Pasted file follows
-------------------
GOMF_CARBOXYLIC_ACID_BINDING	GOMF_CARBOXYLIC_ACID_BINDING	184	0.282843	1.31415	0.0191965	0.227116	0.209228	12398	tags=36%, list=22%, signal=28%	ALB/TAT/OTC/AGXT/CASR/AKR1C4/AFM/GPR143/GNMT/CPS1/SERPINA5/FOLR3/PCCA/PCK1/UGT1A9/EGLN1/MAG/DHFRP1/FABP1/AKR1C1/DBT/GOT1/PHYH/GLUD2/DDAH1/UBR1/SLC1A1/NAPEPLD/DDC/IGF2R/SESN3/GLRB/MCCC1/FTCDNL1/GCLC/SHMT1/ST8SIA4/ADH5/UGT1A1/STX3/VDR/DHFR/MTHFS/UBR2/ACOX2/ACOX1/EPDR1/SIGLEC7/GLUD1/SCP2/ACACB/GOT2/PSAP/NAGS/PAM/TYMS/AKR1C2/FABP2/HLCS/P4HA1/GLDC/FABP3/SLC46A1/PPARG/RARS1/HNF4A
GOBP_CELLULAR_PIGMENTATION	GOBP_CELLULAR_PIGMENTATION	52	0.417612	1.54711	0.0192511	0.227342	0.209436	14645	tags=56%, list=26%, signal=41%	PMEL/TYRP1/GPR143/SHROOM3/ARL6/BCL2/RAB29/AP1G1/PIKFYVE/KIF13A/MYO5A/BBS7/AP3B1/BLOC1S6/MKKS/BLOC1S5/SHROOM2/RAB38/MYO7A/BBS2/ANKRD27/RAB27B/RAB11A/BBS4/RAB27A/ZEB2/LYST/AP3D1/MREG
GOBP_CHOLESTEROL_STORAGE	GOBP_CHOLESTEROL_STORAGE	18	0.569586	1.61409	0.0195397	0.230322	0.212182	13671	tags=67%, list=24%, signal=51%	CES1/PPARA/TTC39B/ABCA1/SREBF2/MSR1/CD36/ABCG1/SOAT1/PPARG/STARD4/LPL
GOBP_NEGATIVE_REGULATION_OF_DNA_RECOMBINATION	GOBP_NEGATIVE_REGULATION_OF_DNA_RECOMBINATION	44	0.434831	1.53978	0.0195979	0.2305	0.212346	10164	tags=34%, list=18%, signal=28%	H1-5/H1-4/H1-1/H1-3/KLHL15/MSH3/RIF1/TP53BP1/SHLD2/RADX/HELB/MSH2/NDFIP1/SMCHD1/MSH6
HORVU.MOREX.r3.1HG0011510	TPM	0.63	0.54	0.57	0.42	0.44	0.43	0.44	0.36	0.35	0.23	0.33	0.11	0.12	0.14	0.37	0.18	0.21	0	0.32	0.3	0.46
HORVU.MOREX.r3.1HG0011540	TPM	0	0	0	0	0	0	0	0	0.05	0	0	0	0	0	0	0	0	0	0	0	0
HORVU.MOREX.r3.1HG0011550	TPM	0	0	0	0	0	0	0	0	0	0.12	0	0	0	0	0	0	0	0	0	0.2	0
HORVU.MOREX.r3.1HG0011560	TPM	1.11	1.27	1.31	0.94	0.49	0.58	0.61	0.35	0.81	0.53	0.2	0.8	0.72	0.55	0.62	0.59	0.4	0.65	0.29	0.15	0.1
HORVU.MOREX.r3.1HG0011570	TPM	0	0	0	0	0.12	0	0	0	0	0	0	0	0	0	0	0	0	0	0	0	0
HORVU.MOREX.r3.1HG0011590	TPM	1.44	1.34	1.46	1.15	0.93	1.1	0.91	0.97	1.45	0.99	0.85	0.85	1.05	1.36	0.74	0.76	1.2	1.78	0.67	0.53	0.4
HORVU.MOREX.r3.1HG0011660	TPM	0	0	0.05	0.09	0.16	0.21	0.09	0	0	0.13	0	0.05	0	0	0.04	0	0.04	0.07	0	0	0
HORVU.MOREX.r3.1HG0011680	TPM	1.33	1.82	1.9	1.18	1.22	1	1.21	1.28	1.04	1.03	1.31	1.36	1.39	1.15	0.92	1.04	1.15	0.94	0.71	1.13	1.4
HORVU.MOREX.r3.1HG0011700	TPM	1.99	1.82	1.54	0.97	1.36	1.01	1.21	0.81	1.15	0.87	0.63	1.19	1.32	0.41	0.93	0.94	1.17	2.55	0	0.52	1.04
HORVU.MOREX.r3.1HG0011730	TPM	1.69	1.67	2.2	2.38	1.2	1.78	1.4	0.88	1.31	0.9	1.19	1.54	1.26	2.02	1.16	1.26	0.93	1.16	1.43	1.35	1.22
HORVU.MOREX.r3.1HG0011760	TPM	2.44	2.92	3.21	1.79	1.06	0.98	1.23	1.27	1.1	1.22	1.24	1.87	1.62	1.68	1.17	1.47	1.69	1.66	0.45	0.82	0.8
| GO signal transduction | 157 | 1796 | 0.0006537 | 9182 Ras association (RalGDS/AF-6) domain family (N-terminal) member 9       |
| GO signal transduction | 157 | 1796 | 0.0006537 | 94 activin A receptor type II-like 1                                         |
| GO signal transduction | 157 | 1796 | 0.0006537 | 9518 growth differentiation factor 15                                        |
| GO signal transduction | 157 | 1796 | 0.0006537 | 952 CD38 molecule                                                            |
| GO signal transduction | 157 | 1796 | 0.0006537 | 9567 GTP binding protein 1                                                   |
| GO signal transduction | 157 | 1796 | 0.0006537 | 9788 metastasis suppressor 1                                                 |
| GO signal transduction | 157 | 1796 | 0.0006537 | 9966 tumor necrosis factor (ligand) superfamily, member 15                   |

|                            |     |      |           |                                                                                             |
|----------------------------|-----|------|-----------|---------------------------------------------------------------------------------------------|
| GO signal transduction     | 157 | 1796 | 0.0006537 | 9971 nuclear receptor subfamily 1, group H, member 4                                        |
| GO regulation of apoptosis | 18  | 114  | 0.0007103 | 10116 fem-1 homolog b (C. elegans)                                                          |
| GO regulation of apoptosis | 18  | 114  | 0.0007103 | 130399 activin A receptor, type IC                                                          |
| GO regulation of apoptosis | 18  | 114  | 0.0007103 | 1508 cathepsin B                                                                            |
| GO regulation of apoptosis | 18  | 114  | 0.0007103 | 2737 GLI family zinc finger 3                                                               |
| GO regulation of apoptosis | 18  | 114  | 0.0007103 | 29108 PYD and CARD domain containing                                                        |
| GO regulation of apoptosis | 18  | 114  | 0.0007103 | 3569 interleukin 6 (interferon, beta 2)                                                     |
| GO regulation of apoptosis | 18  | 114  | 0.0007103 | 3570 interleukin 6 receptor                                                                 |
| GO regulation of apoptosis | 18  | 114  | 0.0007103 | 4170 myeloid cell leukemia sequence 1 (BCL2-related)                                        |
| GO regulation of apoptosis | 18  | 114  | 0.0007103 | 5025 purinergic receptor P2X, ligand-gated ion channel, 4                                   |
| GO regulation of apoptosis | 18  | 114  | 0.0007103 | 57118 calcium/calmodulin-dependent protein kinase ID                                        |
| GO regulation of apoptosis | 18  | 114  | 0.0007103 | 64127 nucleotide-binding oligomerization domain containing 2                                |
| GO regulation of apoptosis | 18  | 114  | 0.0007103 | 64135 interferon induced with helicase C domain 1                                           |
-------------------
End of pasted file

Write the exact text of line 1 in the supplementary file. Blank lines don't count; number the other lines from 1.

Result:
GOMF_CARBOXYLIC_ACID_BINDING	GOMF_CARBOXYLIC_ACID_BINDING	184	0.282843	1.31415	0.0191965	0.227116	0.209228	12398	tags=36%, list=22%, signal=28%	ALB/TAT/OTC/AGXT/CASR/AKR1C4/AFM/GPR143/GNMT/CPS1/SERPINA5/FOLR3/PCCA/PCK1/UGT1A9/EGLN1/MAG/DHFRP1/FABP1/AKR1C1/DBT/GOT1/PHYH/GLUD2/DDAH1/UBR1/SLC1A1/NAPEPLD/DDC/IGF2R/SESN3/GLRB/MCCC1/FTCDNL1/GCLC/SHMT1/ST8SIA4/ADH5/UGT1A1/STX3/VDR/DHFR/MTHFS/UBR2/ACOX2/ACOX1/EPDR1/SIGLEC7/GLUD1/SCP2/ACACB/GOT2/PSAP/NAGS/PAM/TYMS/AKR1C2/FABP2/HLCS/P4HA1/GLDC/FABP3/SLC46A1/PPARG/RARS1/HNF4A